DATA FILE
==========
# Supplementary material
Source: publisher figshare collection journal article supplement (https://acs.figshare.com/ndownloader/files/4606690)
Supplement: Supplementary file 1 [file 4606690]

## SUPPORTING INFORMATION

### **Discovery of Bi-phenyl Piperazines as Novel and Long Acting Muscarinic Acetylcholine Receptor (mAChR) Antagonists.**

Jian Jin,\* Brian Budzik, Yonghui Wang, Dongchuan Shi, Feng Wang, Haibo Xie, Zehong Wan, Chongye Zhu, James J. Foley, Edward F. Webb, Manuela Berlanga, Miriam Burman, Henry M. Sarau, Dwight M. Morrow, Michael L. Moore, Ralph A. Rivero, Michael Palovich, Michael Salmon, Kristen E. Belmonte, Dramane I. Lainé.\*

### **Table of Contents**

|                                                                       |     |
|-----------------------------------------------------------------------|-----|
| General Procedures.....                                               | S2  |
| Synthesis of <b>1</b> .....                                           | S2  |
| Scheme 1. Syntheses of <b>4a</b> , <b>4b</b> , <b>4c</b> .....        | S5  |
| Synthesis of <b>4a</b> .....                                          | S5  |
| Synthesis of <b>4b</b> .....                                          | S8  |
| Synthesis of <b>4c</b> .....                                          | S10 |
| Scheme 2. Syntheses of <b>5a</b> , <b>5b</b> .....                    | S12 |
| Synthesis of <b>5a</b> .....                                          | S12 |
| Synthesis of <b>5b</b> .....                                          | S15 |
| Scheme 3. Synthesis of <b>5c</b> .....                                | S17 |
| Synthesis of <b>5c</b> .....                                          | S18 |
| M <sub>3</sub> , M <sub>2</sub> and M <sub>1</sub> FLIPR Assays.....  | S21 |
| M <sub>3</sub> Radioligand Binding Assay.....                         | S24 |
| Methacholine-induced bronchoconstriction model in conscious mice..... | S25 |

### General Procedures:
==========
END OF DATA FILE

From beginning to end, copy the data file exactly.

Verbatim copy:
# Supplementary material
Source: publisher figshare collection journal article supplement (https://acs.figshare.com/ndownloader/files/4606690)
Supplement: Supplementary file 1 [file 4606690]

## SUPPORTING INFORMATION

### **Discovery of Bi-phenyl Piperazines as Novel and Long Acting Muscarinic Acetylcholine Receptor (mAChR) Antagonists.**

Jian Jin,\* Brian Budzik, Yonghui Wang, Dongchuan Shi, Feng Wang, Haibo Xie, Zehong Wan, Chongye Zhu, James J. Foley, Edward F. Webb, Manuela Berlanga, Miriam Burman, Henry M. Sarau, Dwight M. Morrow, Michael L. Moore, Ralph A. Rivero, Michael Palovich, Michael Salmon, Kristen E. Belmonte, Dramane I. Lainé.\*

### **Table of Contents**

|                                                                       |     |
|-----------------------------------------------------------------------|-----|
| General Procedures.....                                               | S2  |
| Synthesis of <b>1</b> .....                                           | S2  |
| Scheme 1. Syntheses of <b>4a</b> , <b>4b</b> , <b>4c</b> .....        | S5  |
| Synthesis of <b>4a</b> .....                                          | S5  |
| Synthesis of <b>4b</b> .....                                          | S8  |
| Synthesis of <b>4c</b> .....                                          | S10 |
| Scheme 2. Syntheses of <b>5a</b> , <b>5b</b> .....                    | S12 |
| Synthesis of <b>5a</b> .....                                          | S12 |
| Synthesis of <b>5b</b> .....                                          | S15 |
| Scheme 3. Synthesis of <b>5c</b> .....                                | S17 |
| Synthesis of <b>5c</b> .....                                          | S18 |
| M <sub>3</sub> , M <sub>2</sub> and M <sub>1</sub> FLIPR Assays.....  | S21 |
| M <sub>3</sub> Radioligand Binding Assay.....                         | S24 |
| Methacholine-induced bronchoconstriction model in conscious mice..... | S25 |

### General Procedures: